I think those who put forth the determination, effort, and the savvy can still carve out a good financial life for us.

Also, no more pensions. That makes it much harder as well.

I'm on track if I don't buy a house and keep saving at the rate I'm saving to get there in 11 years. But so many things can happen between now and then.

saving only 10% a year isn't enough with a high "2 or 3 digit" (before the comma) income. Less consumption, 20-50% saved is MORE like it! I never made over $45K before 1992 when I opened my own business with a net worth of $250~K and made $5K in year one and $135K to a high of $440K over the next 16~ years. Retired at age 47 w/ $2.8M~ (Even paid out almost $1/2 M in a divorce in 2000). Sim ly kept the lifestyle one of making $50K~ a year and saving/investing the rest. Lived well, worked VERY hard and called it quits at 47! Very doable for the disciplined!We're a RICH country, don't get caught up in the ultra large house, mall trips on Sat, spoiled kids, 2 SUVs new every 3 years, five phones and $100~ month TV bill. Leave that to the "real poor" working slobs who'll never get rich....

Hopefully investing wisely and making good business decisions in an attempt to Crush It - and hit a million sometime before I die of old age...

@ jeffinwesternwa:

I am 23 and aspire to follow a plan such as the one you laid out in your comment. Thank you for the inspiration!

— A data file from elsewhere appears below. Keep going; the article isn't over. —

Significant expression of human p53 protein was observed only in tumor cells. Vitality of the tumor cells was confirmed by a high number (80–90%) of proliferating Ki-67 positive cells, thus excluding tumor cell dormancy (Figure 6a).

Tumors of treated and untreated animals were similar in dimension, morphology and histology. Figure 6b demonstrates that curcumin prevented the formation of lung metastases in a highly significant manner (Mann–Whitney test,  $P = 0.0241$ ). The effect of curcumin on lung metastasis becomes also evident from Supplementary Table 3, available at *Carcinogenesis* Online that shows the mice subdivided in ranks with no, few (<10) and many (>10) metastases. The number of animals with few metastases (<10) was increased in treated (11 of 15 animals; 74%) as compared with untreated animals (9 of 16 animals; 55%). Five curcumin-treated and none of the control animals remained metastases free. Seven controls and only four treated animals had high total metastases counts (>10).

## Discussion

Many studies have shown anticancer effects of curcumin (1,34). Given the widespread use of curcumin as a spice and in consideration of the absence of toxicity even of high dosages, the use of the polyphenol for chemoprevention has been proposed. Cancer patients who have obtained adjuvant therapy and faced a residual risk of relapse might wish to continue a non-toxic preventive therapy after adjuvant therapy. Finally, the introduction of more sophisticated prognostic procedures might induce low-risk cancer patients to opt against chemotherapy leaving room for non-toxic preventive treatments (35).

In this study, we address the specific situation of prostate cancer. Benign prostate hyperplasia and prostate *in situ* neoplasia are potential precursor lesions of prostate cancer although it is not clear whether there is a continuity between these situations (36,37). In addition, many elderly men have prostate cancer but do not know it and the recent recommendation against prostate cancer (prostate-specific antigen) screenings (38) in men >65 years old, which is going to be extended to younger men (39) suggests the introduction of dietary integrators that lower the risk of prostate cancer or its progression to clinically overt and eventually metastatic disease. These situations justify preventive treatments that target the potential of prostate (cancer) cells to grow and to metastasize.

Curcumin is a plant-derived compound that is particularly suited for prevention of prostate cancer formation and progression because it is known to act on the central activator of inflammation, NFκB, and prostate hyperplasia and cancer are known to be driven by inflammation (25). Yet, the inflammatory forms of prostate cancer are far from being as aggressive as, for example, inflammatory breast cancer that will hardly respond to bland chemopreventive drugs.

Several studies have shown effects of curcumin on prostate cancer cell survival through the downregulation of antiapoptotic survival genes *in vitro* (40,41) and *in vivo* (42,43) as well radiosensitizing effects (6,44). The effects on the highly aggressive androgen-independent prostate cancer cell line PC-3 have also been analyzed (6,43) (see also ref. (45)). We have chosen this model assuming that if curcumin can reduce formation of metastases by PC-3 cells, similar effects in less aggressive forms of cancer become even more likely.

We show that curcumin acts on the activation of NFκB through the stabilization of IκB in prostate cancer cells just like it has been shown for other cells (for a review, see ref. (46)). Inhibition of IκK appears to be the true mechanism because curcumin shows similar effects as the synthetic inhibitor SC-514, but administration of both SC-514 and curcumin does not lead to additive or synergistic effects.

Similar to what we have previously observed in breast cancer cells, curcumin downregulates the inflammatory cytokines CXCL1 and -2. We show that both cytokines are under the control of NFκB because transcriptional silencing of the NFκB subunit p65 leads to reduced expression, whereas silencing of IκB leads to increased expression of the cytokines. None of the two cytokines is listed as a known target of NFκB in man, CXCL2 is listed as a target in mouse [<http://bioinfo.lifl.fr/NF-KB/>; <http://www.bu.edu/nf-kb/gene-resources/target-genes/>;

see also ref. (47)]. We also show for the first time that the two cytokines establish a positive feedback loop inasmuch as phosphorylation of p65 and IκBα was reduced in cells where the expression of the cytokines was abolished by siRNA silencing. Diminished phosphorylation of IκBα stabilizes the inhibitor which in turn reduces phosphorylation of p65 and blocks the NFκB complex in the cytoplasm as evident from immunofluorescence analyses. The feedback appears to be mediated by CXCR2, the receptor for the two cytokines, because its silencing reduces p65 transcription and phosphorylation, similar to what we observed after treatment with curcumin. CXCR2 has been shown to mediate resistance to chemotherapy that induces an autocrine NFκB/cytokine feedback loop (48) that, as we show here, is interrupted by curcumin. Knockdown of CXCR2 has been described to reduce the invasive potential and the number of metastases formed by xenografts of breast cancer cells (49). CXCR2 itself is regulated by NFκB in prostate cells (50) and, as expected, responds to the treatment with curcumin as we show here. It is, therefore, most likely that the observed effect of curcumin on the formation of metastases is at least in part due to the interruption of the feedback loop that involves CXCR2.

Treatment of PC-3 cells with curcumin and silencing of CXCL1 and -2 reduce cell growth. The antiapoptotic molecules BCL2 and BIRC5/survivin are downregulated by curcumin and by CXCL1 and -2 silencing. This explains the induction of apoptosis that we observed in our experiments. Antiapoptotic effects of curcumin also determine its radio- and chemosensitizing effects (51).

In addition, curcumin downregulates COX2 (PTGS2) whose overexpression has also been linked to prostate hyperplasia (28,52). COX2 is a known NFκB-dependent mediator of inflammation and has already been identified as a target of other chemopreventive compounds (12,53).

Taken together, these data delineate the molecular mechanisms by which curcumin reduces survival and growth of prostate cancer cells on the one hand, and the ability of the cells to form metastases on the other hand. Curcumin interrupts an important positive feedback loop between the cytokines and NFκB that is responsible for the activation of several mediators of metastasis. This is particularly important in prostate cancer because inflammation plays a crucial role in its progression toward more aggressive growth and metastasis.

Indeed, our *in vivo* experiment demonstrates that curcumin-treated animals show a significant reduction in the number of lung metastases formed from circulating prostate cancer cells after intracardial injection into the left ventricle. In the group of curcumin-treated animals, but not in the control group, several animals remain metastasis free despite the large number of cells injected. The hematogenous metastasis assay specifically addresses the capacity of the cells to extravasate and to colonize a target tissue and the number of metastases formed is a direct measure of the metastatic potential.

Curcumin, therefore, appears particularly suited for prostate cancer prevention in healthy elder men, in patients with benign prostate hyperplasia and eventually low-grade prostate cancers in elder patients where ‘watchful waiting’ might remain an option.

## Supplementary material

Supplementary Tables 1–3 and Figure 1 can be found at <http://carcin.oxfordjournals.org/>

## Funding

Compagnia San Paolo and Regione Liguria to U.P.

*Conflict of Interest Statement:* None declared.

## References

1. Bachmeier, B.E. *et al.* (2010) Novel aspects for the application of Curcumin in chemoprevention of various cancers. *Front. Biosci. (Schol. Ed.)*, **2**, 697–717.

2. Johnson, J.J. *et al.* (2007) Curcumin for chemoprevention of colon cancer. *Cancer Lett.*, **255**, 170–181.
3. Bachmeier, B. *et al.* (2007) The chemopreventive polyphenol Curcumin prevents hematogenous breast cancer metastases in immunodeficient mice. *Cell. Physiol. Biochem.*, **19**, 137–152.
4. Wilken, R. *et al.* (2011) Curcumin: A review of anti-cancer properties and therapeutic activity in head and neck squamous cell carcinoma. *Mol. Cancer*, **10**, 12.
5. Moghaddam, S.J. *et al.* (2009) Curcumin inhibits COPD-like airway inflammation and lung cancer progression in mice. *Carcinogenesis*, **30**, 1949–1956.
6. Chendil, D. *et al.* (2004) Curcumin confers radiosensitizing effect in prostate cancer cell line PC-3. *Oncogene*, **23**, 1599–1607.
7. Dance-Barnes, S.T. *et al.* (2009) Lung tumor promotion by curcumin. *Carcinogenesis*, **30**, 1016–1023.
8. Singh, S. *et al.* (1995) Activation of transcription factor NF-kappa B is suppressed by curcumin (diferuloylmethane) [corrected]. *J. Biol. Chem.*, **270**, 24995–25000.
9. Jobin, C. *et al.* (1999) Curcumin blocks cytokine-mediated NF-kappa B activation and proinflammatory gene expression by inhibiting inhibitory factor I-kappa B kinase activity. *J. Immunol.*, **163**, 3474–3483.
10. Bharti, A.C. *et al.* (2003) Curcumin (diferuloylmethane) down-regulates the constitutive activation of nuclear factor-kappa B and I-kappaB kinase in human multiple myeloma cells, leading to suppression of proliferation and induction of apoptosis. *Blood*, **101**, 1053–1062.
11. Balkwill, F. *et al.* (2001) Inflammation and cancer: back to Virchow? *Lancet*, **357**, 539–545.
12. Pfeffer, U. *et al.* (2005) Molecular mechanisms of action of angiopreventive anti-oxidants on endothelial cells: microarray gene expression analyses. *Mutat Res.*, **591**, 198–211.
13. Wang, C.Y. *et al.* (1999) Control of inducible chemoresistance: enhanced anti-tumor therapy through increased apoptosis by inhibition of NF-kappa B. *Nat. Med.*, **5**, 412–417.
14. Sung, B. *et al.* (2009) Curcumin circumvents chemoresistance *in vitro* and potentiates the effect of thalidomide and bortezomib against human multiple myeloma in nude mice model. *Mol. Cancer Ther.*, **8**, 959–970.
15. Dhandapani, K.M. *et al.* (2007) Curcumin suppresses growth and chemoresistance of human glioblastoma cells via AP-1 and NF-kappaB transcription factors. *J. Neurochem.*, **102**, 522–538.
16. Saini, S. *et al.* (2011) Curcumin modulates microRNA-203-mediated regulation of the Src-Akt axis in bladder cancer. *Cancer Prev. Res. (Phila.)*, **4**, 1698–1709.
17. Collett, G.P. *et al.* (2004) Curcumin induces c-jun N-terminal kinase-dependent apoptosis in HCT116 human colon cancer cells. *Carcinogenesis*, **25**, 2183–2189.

@ Jenna - I like the Crush It! reference, assuming you have read the book that is.

It sounds like @ jeffinwesternwa already did Crush It and now he is retired!

I have great admiration for entrepreneurs like yourself. Silicon Valley is full of them, a few with big names are Apple founders, Jobs and Wozniak, Hewlett & Packard, Cisco, Google, Yahoo, and of course Robert Noyce & Gordon Moore, two of the eight founders of Fairchild Semiconductor, that left Fairchild to form Intel. It takes a risk taker with a lot of guts to start a company and of course many fail to make it.

I well remember the day that my department hired a young kid out of the University of Minnesota in our structural engineering department and put him to work with me. He surprisingly had an MS in Physics and was clueless about some of the engineering terms we used every day. Pretty soon we realized this kid was very smart indeed. I would say that it took him about 15 years to become the most valuable guy we had and the developer of the computer code that became the mainstay of our department and was later shared with all the other divisions of the company throughout the USA. We became close friends and worked together on many projects. About a year before I retired he decided to bail out and start his own company. His first and second customers were GM and Ford and even though it's only a two man company he was recently offered $13M for it. When he got the first call from GM he hung up thinking it was a crank call, but fortunately they called back. They use his software for performing crash analysis studies on the computer, since it was cheaper and easier than using cars and dummies. Today many companies use his software, they have expanded into other technologies, and he gets paid an annual license fee for every engineer that uses it.
He's moved up in the world, a nice home on 2 acres in one of the valley's most prestigious communities, and a nice condo in an exclusive development at Lake Tahoe. He's a little unusual that he still drives the VW Beetle that he had when I first knew him, and he and two of his musical buddies play gigs on guitar in a local bar and practice in a soundproof studio on his property. Unlike me he drinks $100/bottle Chardonnays out of a plastic wine glass whereas I'm very happy with a $3/bottle Chardonnay out of cut crystal - it clinks better when I toast my wife every night at dinner!